Why We Believe in God(s): A Concise Guide to the Science of Faith
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Why We Believe in God(s): A Concise Guide to the Science of Faith

3.89 of 5 stars 3.89  ·  rating details  ·  403 ratings  ·  50 reviews
In this groundbreaking volume, J. Anderson Thomson, Jr., MD, with Clare Aukofer, offers a succinct yet comprehensive study of how and why the human mind generates religious belief. Dr. Thomson, a highly respected practicing psychiatrist with credentials in forensic psychiatry and evolutionary psychology, methodically investigates the components and causes of religious beli...more
Paperback, 144 pages
Published June 1st 2011 by Pitchstone Publishing (first published 2011)
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This is an amazing little book. It's only 144 pages (including the foreword, preface, notes, and short glossary) but it packs quite a punch. Dr. Thomson succinctly and clearly explains why man has created and believed in gods since we evolved into homo sapiens and still believe in them today. He offers medical and psychological data and experiments as his evidence and understandable logic to guide you through his arguments (Michael Persinger's "God Helmet" experiments sounded especially fascinat...more
God is a creation of man's mind--not vice versa. That's the basic thesis of this work by psychiatrist Andy Thomson, with Clare Aukofer. Drawing on the latest research from the neurosciences and longstanding insights from cognitive psychology, it explains in clear, accessible language how and why the human mind is primed for (or, as the book says, hijacked by) religion and all the beliefs that religion entails. Sam Harris sums up the merits of the book the best with this line: "If you would like...more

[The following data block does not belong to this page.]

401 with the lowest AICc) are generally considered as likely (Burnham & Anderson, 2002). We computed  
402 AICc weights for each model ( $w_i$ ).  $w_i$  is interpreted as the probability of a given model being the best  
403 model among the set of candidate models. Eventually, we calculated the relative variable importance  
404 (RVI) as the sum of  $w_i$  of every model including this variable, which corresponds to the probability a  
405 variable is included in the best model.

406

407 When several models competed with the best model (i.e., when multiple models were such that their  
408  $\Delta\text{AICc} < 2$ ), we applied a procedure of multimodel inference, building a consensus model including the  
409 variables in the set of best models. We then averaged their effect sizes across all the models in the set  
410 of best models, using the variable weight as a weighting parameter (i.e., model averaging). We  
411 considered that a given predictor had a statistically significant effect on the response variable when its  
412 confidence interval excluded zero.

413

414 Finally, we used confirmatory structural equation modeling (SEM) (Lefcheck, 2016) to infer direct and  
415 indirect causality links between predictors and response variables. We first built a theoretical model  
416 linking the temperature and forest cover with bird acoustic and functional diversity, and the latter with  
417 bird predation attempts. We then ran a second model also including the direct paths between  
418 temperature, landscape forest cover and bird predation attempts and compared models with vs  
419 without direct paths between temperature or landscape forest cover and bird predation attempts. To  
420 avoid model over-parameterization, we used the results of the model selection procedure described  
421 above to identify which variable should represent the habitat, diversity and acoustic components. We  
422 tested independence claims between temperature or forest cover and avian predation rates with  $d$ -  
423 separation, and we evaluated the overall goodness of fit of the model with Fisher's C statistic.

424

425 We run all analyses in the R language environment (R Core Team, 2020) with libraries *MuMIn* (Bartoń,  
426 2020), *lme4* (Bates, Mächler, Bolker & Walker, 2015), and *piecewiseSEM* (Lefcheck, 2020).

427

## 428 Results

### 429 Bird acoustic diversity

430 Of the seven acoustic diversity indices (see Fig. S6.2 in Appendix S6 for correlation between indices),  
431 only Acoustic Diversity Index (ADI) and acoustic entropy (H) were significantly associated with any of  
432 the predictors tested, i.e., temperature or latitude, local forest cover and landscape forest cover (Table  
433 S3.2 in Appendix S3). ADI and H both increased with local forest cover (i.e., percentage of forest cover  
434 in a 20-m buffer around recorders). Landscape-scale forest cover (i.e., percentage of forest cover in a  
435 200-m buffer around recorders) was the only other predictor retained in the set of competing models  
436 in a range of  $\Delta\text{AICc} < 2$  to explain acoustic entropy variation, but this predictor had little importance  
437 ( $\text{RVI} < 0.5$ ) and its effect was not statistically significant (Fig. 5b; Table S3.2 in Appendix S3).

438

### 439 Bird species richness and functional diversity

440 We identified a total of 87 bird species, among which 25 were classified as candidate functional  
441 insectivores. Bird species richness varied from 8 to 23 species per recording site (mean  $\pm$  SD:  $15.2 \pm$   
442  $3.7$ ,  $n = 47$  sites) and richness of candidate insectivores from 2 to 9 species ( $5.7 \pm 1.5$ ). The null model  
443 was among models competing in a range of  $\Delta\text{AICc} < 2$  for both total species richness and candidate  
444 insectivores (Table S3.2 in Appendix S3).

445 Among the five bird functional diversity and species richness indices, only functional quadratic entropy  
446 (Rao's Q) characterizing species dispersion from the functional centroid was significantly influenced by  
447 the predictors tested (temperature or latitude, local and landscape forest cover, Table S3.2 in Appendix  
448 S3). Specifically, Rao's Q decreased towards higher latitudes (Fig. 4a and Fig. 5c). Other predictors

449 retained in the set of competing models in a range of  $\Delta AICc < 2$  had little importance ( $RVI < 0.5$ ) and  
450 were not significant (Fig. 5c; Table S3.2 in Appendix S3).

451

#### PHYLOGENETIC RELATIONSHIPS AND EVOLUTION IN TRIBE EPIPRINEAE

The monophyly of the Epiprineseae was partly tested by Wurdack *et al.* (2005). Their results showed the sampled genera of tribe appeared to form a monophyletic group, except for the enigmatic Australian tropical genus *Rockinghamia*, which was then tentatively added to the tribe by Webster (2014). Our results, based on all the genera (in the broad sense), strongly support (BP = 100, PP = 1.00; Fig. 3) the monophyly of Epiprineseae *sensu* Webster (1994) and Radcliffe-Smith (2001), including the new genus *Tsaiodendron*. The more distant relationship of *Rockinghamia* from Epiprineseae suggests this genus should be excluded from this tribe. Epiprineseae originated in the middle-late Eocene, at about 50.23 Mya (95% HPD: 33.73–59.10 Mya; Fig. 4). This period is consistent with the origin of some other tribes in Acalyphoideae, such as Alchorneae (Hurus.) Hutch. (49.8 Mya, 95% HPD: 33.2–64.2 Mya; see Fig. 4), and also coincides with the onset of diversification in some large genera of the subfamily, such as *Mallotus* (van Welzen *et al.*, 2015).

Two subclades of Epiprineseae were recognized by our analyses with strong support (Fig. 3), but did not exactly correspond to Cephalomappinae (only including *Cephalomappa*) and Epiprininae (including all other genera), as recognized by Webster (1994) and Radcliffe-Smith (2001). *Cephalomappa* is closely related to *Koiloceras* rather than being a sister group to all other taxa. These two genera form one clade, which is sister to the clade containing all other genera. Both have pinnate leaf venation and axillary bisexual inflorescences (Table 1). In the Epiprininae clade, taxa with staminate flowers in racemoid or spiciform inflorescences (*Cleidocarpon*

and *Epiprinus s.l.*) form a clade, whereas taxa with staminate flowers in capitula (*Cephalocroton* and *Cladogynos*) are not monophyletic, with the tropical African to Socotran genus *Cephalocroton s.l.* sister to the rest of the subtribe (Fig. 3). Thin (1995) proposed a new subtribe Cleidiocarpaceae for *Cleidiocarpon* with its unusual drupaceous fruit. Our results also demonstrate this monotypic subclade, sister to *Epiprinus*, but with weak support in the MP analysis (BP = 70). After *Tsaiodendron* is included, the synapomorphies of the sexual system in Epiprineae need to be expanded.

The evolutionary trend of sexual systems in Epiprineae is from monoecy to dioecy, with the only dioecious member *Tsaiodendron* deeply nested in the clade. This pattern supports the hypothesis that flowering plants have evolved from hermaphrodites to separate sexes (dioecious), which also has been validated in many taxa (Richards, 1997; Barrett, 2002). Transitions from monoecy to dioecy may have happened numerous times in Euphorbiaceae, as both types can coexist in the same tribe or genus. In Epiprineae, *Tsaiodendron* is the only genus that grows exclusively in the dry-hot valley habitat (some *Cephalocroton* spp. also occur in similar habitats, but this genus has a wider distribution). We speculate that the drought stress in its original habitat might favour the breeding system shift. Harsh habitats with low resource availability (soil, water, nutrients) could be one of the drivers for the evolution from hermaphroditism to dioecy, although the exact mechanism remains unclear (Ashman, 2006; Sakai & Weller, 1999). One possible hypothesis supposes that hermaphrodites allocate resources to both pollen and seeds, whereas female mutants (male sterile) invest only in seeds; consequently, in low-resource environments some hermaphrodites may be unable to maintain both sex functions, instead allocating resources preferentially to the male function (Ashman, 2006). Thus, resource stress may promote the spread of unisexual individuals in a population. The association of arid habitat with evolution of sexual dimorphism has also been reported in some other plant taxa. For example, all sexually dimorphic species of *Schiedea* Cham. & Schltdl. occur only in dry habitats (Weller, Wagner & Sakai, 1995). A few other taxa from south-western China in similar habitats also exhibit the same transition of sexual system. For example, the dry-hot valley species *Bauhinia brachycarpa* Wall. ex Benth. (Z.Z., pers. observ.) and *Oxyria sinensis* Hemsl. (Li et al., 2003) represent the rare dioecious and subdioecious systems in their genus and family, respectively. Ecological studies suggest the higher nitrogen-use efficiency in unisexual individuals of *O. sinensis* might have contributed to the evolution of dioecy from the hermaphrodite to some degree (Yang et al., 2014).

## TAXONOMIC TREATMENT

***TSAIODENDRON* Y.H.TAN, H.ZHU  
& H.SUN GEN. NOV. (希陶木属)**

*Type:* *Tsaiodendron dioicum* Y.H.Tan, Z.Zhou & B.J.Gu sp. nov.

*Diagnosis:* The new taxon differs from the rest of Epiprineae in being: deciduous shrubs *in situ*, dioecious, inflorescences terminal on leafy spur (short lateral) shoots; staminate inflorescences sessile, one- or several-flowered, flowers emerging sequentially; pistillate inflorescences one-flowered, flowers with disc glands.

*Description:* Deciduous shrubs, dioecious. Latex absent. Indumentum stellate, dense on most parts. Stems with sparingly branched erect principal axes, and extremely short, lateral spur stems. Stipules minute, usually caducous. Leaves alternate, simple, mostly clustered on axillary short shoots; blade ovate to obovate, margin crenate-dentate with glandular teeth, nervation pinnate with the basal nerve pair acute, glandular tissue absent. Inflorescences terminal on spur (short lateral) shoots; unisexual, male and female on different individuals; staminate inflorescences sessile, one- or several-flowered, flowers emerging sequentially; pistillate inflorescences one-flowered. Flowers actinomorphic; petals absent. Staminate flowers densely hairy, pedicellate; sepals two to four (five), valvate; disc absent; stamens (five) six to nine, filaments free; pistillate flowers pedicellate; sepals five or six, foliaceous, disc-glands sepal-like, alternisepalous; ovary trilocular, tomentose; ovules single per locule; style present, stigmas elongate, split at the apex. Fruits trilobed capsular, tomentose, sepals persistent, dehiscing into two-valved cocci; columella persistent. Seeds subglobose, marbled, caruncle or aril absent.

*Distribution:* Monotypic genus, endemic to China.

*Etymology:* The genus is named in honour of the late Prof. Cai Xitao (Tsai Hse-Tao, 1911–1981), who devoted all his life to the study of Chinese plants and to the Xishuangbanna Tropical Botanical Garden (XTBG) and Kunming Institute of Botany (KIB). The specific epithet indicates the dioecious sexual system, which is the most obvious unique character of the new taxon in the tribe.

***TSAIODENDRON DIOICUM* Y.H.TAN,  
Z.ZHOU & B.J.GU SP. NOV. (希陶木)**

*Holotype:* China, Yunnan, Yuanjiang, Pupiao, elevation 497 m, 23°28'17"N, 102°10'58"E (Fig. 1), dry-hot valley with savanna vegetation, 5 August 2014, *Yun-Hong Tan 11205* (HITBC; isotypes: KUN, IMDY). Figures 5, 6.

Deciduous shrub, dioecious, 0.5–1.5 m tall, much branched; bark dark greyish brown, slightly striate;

I decided to read this book to try to understand the point of view of scientists who believe that religion does not coincide with their version of science. I found the book to be interesting, however the fact that Thomson used Darwin's evolution theory throughout the book seemed repetitive. As a christian, I have found that the miracles of science can only be explained by admitting and accepting that there is a Creator. To think the world was created from a single cell organism or a "Big Bang" h...more
Kelley Ross
This fascinating book studies the exact reasons why religion is alive and well in our society today by referring to both historical and chemical facts. Religion developed as a way for humans to comfort and excite themselves by unconsciously increasing the amount of chemicals their brains produced, like dopamine. For example, dancing was a part of the earliest religions and still survives today because it still provides the same effect. Thomson calls this immediate gratification the "fast-food" e...more